900 million people worldwide live without safe drinking water according to WHO and UNICEF. In most of these areas it is the women and the kids who have to walk for miles each day carrying heavy jugs and missing school and work opportunities. One of the solutions to this problem could be fog-harvesting.
Fog harvesters are systems that collect water particles from the air with the help of a fence-like mesh panel and then move them to connected receptacles. A good fog-harvesting device has a combination of surfaces that both attract and repel water. This is exactly the area Shreerang Chhatre’s MIT training has been focused on – the wettability of materials – or their ability to absorb or repel liquids.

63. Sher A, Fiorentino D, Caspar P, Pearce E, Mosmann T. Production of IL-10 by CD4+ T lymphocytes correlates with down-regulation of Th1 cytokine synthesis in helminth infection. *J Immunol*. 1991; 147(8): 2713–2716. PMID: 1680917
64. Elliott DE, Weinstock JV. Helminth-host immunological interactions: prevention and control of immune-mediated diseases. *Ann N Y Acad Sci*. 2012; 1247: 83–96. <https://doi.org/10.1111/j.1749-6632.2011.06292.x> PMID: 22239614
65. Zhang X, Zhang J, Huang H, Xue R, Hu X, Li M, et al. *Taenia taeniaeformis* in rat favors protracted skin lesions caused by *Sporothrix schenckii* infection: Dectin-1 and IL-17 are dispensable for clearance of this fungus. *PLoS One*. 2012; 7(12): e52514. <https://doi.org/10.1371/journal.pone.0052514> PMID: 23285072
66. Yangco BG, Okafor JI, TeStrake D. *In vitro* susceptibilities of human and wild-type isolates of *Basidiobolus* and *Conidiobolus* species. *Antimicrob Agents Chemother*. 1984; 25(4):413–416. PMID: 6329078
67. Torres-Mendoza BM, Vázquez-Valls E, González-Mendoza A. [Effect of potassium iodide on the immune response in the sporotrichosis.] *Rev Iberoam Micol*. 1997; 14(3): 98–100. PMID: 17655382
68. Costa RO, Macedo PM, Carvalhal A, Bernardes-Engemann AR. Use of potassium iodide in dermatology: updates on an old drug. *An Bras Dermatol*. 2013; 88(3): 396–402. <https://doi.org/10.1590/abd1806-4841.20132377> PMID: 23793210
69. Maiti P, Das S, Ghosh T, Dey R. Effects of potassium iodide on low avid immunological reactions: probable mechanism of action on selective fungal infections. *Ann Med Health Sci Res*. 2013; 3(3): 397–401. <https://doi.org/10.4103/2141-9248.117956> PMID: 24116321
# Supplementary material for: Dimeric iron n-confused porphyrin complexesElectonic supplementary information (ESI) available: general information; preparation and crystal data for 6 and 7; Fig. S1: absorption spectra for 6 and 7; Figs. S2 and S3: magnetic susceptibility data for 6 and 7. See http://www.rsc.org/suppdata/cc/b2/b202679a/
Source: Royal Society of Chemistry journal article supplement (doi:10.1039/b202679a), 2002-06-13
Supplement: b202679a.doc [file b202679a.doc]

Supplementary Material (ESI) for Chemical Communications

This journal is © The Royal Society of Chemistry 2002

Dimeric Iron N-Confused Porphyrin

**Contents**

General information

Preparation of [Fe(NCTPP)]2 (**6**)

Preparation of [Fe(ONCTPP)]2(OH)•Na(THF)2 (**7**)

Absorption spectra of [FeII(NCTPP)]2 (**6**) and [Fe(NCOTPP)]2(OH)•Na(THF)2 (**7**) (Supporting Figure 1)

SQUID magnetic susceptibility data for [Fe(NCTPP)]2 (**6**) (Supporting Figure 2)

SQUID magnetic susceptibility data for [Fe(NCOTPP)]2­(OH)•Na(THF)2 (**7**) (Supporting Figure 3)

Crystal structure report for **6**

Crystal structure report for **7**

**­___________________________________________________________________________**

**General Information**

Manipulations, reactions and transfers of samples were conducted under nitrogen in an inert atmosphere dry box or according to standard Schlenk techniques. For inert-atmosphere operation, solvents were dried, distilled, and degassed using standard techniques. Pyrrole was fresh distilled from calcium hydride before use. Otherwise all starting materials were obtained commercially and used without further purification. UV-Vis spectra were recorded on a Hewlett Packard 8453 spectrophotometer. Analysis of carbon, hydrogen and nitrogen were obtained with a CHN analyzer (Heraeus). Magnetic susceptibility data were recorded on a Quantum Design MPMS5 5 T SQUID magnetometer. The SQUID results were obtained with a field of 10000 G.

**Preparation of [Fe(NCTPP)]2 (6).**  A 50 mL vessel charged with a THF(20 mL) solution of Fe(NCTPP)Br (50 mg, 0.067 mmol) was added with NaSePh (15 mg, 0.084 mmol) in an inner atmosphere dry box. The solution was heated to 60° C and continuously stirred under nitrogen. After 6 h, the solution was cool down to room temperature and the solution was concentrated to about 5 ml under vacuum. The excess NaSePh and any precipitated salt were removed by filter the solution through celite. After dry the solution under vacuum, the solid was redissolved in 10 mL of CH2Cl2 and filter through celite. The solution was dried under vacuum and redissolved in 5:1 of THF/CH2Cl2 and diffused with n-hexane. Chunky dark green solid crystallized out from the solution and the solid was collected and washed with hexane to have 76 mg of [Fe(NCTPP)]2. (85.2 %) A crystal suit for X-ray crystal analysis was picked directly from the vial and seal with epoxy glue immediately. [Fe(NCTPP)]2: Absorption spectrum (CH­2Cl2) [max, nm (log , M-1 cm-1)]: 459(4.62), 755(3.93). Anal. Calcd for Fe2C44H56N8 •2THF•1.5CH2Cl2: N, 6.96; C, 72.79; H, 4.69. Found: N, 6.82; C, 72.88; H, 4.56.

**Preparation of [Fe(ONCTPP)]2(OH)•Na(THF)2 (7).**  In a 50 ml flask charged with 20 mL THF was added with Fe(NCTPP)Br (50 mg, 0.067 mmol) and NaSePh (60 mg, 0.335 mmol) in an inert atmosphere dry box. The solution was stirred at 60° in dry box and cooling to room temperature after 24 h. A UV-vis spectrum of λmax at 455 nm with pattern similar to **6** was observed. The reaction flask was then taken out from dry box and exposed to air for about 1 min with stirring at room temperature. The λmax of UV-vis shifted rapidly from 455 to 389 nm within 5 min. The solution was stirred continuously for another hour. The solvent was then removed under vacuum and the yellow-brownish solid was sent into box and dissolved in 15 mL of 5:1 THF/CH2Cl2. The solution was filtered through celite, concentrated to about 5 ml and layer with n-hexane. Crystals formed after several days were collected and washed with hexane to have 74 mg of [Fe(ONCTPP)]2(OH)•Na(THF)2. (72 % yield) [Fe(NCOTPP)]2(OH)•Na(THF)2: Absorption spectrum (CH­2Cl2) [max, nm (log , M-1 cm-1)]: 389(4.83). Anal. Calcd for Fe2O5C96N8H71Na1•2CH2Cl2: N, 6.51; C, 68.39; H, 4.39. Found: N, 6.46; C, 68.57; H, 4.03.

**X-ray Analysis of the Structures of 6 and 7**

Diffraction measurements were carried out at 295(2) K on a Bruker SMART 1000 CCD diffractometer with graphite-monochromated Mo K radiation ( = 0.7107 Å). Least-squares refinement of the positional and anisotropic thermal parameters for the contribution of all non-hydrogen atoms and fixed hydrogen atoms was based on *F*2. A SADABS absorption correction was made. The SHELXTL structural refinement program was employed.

Even though the concept of fog-harvesting is more than 20 years old and similar devices are already in use in Chile, Peru, Ecuador and other countries, Chhatre believes that he has found a way to improve the efficacy of the materials, according to MIT News.
Usually, fog harvesters are used in coastal areas where the wind moves water vapor inland. Chhatre wants to make the devices efficient in arid climates and high-altitude areas as well. He and his colleagues are conducting laboratory tests to improve the water collection ability of existing meshes. In some field tests, fog harvesters have captured one liter of water per one square meter of mesh, per day.
As with other solutions targeted at the developing world, the problem with the affordability of the technology remains. But the technology could also be used by businesses and communities in the developed countries to reduce energy costs for obtaining and transporting water. Eventually, this could drive the price down. As of now, however, there is plenty of room for development in fog harvesting technologies and their commercial application.
image credit: Green Diary